MARTIN LUTHER KING, JR.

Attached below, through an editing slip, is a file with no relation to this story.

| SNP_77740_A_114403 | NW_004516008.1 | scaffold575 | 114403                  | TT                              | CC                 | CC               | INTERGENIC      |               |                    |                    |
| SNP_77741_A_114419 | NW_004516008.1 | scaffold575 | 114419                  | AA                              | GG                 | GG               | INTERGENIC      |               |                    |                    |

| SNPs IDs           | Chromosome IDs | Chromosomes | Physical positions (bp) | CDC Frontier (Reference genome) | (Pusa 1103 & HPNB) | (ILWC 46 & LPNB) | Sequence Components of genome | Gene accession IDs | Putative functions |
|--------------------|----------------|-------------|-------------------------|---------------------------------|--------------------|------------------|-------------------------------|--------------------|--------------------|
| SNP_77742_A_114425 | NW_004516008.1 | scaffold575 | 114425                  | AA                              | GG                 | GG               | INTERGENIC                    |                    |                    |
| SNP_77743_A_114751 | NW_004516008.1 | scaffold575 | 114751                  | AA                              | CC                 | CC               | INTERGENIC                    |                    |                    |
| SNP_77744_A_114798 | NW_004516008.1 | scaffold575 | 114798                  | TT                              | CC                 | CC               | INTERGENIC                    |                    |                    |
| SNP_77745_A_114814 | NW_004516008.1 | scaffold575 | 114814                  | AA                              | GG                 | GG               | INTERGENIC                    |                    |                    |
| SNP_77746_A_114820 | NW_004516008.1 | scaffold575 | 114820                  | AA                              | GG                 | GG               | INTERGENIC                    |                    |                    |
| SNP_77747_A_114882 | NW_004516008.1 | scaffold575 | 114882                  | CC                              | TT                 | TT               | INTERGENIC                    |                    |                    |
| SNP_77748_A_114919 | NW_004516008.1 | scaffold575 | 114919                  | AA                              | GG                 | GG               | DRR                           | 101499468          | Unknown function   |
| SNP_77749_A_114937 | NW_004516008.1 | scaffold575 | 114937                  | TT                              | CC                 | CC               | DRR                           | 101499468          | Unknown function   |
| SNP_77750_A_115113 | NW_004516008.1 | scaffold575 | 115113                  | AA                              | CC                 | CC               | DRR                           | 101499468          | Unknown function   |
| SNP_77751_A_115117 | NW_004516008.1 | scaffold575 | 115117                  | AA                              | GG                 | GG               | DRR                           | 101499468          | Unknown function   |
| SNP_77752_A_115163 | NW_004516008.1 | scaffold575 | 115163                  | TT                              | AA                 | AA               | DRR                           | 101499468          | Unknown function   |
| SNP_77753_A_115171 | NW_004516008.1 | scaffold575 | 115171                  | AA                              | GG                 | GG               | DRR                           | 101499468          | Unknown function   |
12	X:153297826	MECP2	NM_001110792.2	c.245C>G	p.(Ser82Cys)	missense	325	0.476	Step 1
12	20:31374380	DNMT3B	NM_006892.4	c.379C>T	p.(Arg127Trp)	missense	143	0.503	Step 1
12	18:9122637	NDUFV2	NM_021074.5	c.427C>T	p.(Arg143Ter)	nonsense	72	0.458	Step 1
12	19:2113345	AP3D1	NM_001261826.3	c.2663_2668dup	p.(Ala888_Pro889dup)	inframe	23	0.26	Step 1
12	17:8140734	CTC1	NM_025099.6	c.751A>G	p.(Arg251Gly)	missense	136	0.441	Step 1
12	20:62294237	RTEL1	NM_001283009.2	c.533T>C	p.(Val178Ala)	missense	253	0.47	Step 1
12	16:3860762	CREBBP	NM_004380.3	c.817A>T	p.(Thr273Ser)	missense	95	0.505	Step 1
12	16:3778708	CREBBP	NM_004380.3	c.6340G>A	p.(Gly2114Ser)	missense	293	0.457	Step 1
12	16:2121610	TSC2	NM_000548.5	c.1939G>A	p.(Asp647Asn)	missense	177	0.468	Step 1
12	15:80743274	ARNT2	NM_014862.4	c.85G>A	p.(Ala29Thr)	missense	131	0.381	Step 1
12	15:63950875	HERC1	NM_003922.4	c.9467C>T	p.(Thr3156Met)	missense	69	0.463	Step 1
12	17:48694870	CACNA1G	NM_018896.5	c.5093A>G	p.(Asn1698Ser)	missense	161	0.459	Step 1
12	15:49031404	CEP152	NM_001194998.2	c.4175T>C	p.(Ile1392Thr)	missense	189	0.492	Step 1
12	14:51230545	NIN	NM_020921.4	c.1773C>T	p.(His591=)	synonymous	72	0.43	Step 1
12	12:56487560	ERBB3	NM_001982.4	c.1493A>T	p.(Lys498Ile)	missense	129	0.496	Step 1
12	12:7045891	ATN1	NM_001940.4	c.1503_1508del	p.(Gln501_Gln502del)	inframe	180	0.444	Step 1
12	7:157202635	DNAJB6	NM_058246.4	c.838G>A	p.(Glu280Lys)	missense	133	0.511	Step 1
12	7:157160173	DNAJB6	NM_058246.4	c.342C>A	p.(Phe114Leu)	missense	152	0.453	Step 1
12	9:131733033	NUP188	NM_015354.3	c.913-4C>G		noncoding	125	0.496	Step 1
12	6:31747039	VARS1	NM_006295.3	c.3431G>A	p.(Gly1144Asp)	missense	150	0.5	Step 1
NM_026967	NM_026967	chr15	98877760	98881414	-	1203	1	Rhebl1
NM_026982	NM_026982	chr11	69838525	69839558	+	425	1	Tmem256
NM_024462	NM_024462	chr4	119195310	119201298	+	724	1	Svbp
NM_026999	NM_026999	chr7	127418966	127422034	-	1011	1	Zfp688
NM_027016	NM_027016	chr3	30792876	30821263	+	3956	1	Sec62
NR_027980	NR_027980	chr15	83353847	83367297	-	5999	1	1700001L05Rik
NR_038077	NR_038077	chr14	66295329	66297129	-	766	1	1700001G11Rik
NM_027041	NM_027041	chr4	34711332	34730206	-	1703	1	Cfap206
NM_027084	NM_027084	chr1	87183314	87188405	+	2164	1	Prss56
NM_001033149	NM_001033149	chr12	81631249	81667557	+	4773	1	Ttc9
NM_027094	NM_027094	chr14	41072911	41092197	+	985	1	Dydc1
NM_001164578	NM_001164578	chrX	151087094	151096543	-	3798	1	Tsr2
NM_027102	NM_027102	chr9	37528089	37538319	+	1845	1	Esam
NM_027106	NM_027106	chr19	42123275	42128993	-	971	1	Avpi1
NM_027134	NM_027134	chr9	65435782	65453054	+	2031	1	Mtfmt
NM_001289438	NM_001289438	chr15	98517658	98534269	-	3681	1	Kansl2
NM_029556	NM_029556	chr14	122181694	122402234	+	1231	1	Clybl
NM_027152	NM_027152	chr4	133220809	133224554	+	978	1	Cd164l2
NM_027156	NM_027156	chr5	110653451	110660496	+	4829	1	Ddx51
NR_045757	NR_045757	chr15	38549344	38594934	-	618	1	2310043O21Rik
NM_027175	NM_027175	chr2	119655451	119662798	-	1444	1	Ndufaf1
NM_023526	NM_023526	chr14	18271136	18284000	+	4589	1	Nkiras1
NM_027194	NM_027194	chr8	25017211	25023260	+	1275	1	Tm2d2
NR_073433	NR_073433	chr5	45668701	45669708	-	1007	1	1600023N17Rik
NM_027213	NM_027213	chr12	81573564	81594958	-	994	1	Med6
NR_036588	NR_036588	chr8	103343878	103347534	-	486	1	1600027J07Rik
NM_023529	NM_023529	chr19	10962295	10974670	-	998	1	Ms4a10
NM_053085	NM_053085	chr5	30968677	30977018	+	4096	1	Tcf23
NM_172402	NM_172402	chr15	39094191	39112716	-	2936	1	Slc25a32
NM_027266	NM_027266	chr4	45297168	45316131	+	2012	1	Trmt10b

(1929-1968) Clergyman and civil rights leader who advocated nonviolent but active and massive confrontation in order to obtain rights for blacks. An impressive and unusual association piece, King's book, Stride Toward Freedom (New York: Harper & Brothers, 1958) 230 pp. 8vo., bound in blue cloth with black titled spine and original dust jacket. Boldly signed and inscribed by King on the front flyleaf: "To: Honorable Adlai E. Stevenson in appreciation for your genuine good will, your great statesmanlike vision, and your broad humanitarian concern. With warm Regards Martin L. King Jr." Stevenson has added his ownership stamp at the top of the page. A remarkable association piece inscribed to the Democratic powerbroker. Stevenson, politically a centrist in the Democratic Party, had some early and strong civil rights credentials. As an assistant to Secretary of the Navy Frank Knox, he encouraged efforts to integrate naval units and to allow blacks the opportunity to become officers. At the 1948 Democratic National Convention, he voted against seating the Mississippi delegation that had excluded blacks from the selection process. Elected Governor of Illinois in 1948, Stevenson took the bold step of desegregating the Illinois National Guard. However, when Stevenson sought the Presidency in 1952 and 1956, his stance on the issue softened substantially. Winning the Democratic nomination in those years required the support of the conservative southern wing of the party which severely constrained what Stevenson could say and do in support of the Civil Rights movement. Stevenson biographer Porter McKeever summed up the problem succinctly: "Accused by northern liberals of pandering to southern white voters, and by southerners as being captive of liberals and blacks, he left both unhappy by refusing to take positions that would satisfy either."(Porter, Adlai Stevenson His Life and Legacy, 1989, p. 364) King likely appreciated these political concerns and did not hold it against him, instead recalling his earlier actions and principled and even-handed statements on the issue. One of Stevenson's chief concerns was how embarrassing Southern segregation appeared in the context of the Cold War. How could the United States hope to spread freedom and democracy when it couldn't even guarantee basic civil rights to a significant portion of its own population. When asked about the lunch counter sit-ins, Stevenson puzzled over why southerners appeared to have "no objection to eating a sandwich alongside of a Negro, if you are standing up, but that if your are sitting down, it is intolerable. I would have to say that seems to me silly... I think these demonstrations are a reminder that our Negro citizens resent this humiliation." (John Bartlow Martin, Adlai Stevenson and the World , 1977, p. 492). Offered together with a T.L.S. of ADLAI STEVENSON, 1p. 8vo., Chicago, Aug. 23, 1956 to a supporter: "Before Estes [Kefauver] and I leave on our first campaign trip, I want to know how deeply grateful I am to you..." Fine condition.